Having an outage management system is a key part of any utility company’s success. This system helps to manage and mitigate the impact of outages, and reduce the risk of a future outage.
Transmission outages that prevent a future forced outage
PJM OI analyzes transmission outage management systems requests and determines whether to approve or deny them. It then assigns them a status. Some outages are granted a short window for work, while others are analyzed for severity and require full-time, 24-hour work. Some outages require field switching and the use of diesel generators. If an outage is not approved, PJM OI can cancel it.
In addition to PJM OI, transmission outages are sometimes approved by a state or governing commission. They are typically scheduled for maintenance and replacement of cables of the same type manufactured in a given year. These outages are designed to maintain the reliability of the system. In addition, the outages also help to prevent failures from occurring again. These outages are usually scheduled in the spring or fall.
Outages may occur for a variety of reasons, from equipment failure to storm damage. The worst-case scenario is the loss of critical components during peak hours. They can affect millions of people. It’s important to note that the costs associated with these outages can be substantial. The impact on the utility’s credibility can also be significant. In fact, the number of outages that affect 50,000 or more customers has increased for more than a decade. While these outages may be necessary, it’s not always possible to predict when they will occur. This makes it important for the utility to do whatever it can to prevent these outages from occurring.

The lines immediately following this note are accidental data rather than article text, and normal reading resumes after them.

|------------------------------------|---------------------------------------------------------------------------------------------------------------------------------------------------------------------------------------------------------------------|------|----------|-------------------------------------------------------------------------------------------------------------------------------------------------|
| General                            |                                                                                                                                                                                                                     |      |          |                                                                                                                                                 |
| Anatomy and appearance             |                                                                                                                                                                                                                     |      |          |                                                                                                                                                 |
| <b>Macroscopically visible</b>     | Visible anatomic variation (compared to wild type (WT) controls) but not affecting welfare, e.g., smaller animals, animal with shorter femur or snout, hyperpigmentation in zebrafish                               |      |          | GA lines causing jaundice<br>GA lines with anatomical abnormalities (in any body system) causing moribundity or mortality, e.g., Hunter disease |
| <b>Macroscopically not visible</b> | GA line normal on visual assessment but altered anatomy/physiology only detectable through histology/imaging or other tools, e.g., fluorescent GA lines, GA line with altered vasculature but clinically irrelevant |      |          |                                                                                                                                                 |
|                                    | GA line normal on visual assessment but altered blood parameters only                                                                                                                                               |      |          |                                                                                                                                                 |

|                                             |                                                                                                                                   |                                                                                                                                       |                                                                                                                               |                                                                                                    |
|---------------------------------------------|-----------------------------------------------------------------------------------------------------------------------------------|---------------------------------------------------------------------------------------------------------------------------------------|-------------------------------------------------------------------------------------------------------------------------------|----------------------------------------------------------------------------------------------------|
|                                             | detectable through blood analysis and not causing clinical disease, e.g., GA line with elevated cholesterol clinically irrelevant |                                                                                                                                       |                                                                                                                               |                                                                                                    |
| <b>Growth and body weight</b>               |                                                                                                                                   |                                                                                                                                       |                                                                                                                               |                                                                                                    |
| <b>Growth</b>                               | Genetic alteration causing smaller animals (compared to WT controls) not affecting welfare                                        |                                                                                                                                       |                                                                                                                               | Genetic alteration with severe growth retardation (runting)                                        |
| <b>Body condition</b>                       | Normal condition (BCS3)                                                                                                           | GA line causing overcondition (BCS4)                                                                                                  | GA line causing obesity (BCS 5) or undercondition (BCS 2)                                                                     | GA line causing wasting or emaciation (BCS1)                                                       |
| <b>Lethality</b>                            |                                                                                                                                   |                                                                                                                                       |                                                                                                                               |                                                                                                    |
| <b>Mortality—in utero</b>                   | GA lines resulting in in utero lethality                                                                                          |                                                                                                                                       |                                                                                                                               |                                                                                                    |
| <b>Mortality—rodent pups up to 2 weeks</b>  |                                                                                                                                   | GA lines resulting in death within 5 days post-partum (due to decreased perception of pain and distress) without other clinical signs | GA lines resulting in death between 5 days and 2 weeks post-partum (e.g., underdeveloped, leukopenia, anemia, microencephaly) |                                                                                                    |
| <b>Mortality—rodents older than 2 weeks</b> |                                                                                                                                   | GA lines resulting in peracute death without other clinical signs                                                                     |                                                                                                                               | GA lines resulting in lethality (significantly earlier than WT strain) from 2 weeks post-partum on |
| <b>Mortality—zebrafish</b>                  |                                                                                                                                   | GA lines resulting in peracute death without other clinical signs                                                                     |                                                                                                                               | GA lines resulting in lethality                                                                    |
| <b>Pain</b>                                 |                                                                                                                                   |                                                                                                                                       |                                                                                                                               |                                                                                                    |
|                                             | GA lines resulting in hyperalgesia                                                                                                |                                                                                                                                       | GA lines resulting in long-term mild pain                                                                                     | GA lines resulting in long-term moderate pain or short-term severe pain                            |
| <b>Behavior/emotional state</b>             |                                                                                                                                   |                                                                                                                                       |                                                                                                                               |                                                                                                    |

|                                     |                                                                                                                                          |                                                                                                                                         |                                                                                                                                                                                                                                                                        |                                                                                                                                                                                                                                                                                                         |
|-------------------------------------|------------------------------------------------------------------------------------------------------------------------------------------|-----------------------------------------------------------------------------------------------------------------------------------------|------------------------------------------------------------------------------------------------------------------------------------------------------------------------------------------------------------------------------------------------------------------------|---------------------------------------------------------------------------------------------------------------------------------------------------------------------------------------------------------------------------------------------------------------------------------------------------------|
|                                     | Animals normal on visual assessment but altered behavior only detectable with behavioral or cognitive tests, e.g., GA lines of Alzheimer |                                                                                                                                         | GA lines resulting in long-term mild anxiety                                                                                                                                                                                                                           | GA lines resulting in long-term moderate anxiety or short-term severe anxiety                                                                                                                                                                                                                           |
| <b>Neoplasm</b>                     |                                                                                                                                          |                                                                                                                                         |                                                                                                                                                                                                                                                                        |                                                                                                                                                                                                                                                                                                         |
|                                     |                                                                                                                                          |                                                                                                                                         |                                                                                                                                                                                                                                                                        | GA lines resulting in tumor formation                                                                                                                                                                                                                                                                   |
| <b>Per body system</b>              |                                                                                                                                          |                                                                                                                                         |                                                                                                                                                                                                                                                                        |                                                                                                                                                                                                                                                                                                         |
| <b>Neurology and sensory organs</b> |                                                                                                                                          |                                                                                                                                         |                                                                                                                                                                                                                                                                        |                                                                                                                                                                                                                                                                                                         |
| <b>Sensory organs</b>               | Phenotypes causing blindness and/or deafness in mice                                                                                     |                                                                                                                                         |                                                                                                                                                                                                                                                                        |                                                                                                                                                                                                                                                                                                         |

While many factors contribute to the number of outages, the most important is the type of outage. The outage category is used to divide power outages into planned and unplanned categories. In addition to a scheduled outage, a system may be forced to close part of its transmission network due to insufficient electricity generation. To prevent these outages from occurring, PJM OI and transmission operators regularly schedule outages for maintenance and replacement.
While scheduled outages are the most common type, some are unplanned. These outages may be caused by a failure at any step in the transmission process, from the plant to the distribution network. They may be caused by a tree falling on a line, a car hitting a utility pole, or a power plant bursting into flames. There are also faults caused by animal contact and bad workmanship.